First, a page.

Harissa (aricha or harissa hloua) in Tunisia and the Egyptian city of Alexandria, basbousa in many Middle Eastern countries, kalb el louz in Algeria, revani or rabani in Turkey, safra in Israel, pastūsha in Kuwait, namoura in Lebanon, revani in Greece or shamali in Armenia.
Middle Eastern and North African pastries
Middle Eastern and North African pastries are sweet wonders from the Maghreb or the Middle East countries. As an example and to mention only a few among countless sweets: almond cigars, samsas, zlabiya, cornes de gazelle, bjaouia, chebakia, or ghraiba.
Those pastries are diverse and varied, but the same ingredients are generally used: honey, almonds, nuts, dates, sesame seeds, semolina, pistachios and pine nuts.
Depending on their origins, many Middle Eastern and North African pastries do not necessarily have the same name, although the same recipe is more or less used.
Those pastries are sunny delicacies, rich and full of light. Even in the most basic pastries, made with simple dough, there is always a little note of richness, a luxury that is released from the first bite.
And then there are the colors, often of a brilliant white, amber or gold, a luminosity specific to the Mediterranean or to the clear sky of all those regions that straddle Asia and Europe.
Middle Eastern and North African desserts most certainly come from nomadic cuisine, which did not have ovens but rather fires.
The nomads carried and exchanged spices and always brought dried fruits in their luggage. A simple bread could therefore become a dessert by incorporating nuts, honey, rose water, orange blossom water or cinnamon.
From these simple ingredients, the possibilities were endless and, as the caravans moved, they met the customs of settlers everywhere. Thus many delicacies were born.
These delicacies were then found in the kitchens of sultans or kings and were often improved by the French pastry chefs who had recently arrived in the East and the Middle East.
A North African pastry can be enjoyed in silence to note all its flavor. Moreover, a famous Arab proverb says about it: “The tree of silence bears the fruits of peace”.
What is harissa?
Strangely enough there are 3 recipes fighting over the name harissa:
The first is the world-famous hot pepper purée, the cornerstone of Tunisian cuisine.
The second is the Shabbat wheat berry dafina, a delicacy of Tunisian Jewish cuisine also known as haricha or arissa.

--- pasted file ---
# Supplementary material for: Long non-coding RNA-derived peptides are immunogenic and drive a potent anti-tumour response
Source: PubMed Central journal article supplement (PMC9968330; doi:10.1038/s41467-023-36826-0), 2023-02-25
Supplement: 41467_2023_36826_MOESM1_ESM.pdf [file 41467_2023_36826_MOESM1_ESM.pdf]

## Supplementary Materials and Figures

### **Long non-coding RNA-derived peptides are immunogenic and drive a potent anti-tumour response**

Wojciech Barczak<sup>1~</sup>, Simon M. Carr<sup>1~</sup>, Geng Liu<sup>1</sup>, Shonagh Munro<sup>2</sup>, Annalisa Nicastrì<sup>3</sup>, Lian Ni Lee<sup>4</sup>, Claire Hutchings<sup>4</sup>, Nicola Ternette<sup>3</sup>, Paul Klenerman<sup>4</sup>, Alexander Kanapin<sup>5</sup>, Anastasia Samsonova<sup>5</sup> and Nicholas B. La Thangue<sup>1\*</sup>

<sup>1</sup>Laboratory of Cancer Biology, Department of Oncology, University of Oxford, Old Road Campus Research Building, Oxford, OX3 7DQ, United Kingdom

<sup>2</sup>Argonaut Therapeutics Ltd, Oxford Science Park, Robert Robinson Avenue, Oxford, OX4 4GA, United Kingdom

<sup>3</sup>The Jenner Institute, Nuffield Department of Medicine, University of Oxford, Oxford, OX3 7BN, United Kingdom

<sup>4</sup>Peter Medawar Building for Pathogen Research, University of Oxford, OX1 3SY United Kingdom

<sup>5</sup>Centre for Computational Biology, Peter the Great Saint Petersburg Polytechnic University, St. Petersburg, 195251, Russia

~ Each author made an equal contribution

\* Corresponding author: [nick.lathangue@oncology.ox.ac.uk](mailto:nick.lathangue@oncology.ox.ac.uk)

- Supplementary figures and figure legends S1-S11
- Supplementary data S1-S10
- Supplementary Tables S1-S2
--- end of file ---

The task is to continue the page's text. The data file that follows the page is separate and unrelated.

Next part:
And finally the third, the aricha or harissa hloua, meaning “sweet harissa”, a delicious cake with semolina and almonds generously impregnated with an orange blossom syrup and decorated with almonds or pistachios on top.
How to make harissa hloua
The characteristics of this cake are as follows:
- the presence of semolina and, depending on the country where it is prepared, it may also contain grated coconut, almond or pistachio powder. In Egypt, for example, it can be found prepared with almond powder, topped with hazelnuts ; in Lebanon, with pistachio powder or crushed pistachios, with coconut or candied orange peel.
- the syrup that it is soaked in, in addition to water and sugar, may sometimes contain lemon or orange juice or zest, orange blossom water or rose water and spices such as cloves and cinnamon.
In many countries, and even in Tunisia, yoghurt is sometimes incorporated into the dough.
Where does harissa hloua come from?
The origin of harissa goes back to the revani of Turkish cuisine, a classic cake from the time of the Ottoman Empire.
Indeed, it was first cooked by Ottoman pastry chefs to celebrate the conquest of Armenia in the 16th century. The battle of Revan, the country’s capital, now known as Yerevan, gave the name to this famous dessert.
As time went on, revani began to delight many tables during the Ottoman period and its name was changed to revan-i meaning “the precious” in the Ottoman language.
But the name revani could also have been taken from the poet Revani who lived in Turkey between the 15th and 16th centuries.
The difference between wheat flour and semolina
Confusion when talking about the difference between wheat flour and semolina is very common, even among the most discerning consumers.
Indeed, even semolina is a flour obtained by milling wheat, but the fact that it is a different type of wheat gives another name to the finished product.